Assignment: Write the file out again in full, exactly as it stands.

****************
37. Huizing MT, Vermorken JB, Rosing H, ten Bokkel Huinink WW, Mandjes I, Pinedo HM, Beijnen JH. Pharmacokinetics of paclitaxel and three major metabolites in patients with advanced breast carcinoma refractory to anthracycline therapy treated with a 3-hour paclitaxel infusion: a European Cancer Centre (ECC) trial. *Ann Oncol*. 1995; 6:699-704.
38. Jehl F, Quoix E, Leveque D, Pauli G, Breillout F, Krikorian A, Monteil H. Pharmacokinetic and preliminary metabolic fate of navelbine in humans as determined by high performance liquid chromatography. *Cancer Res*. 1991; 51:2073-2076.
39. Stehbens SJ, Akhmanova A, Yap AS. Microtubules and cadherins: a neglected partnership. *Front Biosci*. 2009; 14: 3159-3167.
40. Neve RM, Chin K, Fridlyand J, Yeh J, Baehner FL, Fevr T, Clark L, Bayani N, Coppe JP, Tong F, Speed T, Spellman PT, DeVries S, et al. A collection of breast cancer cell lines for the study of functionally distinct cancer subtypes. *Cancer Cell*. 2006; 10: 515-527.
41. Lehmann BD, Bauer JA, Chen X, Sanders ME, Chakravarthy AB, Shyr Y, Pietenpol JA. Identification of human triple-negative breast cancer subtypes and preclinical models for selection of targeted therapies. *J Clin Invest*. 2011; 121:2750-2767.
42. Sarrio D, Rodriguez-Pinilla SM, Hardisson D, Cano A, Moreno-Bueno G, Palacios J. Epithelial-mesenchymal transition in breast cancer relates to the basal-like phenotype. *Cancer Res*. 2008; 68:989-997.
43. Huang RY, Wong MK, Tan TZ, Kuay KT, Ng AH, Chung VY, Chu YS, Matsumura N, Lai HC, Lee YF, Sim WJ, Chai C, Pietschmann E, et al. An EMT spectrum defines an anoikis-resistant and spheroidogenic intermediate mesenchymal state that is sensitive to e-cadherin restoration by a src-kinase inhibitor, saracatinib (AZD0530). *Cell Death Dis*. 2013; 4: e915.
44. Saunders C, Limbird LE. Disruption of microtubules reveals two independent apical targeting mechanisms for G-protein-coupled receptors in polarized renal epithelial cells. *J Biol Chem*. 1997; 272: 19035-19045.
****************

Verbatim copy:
37. Huizing MT, Vermorken JB, Rosing H, ten Bokkel Huinink WW, Mandjes I, Pinedo HM, Beijnen JH. Pharmacokinetics of paclitaxel and three major metabolites in patients with advanced breast carcinoma refractory to anthracycline therapy treated with a 3-hour paclitaxel infusion: a European Cancer Centre (ECC) trial. *Ann Oncol*. 1995; 6:699-704.
38. Jehl F, Quoix E, Leveque D, Pauli G, Breillout F, Krikorian A, Monteil H. Pharmacokinetic and preliminary metabolic fate of navelbine in humans as determined by high performance liquid chromatography. *Cancer Res*. 1991; 51:2073-2076.
39. Stehbens SJ, Akhmanova A, Yap AS. Microtubules and cadherins: a neglected partnership. *Front Biosci*. 2009; 14: 3159-3167.
40. Neve RM, Chin K, Fridlyand J, Yeh J, Baehner FL, Fevr T, Clark L, Bayani N, Coppe JP, Tong F, Speed T, Spellman PT, DeVries S, et al. A collection of breast cancer cell lines for the study of functionally distinct cancer subtypes. *Cancer Cell*. 2006; 10: 515-527.
41. Lehmann BD, Bauer JA, Chen X, Sanders ME, Chakravarthy AB, Shyr Y, Pietenpol JA. Identification of human triple-negative breast cancer subtypes and preclinical models for selection of targeted therapies. *J Clin Invest*. 2011; 121:2750-2767.
42. Sarrio D, Rodriguez-Pinilla SM, Hardisson D, Cano A, Moreno-Bueno G, Palacios J. Epithelial-mesenchymal transition in breast cancer relates to the basal-like phenotype. *Cancer Res*. 2008; 68:989-997.
43. Huang RY, Wong MK, Tan TZ, Kuay KT, Ng AH, Chung VY, Chu YS, Matsumura N, Lai HC, Lee YF, Sim WJ, Chai C, Pietschmann E, et al. An EMT spectrum defines an anoikis-resistant and spheroidogenic intermediate mesenchymal state that is sensitive to e-cadherin restoration by a src-kinase inhibitor, saracatinib (AZD0530). *Cell Death Dis*. 2013; 4: e915.
44. Saunders C, Limbird LE. Disruption of microtubules reveals two independent apical targeting mechanisms for G-protein-coupled receptors in polarized renal epithelial cells. *J Biol Chem*. 1997; 272: 19035-19045.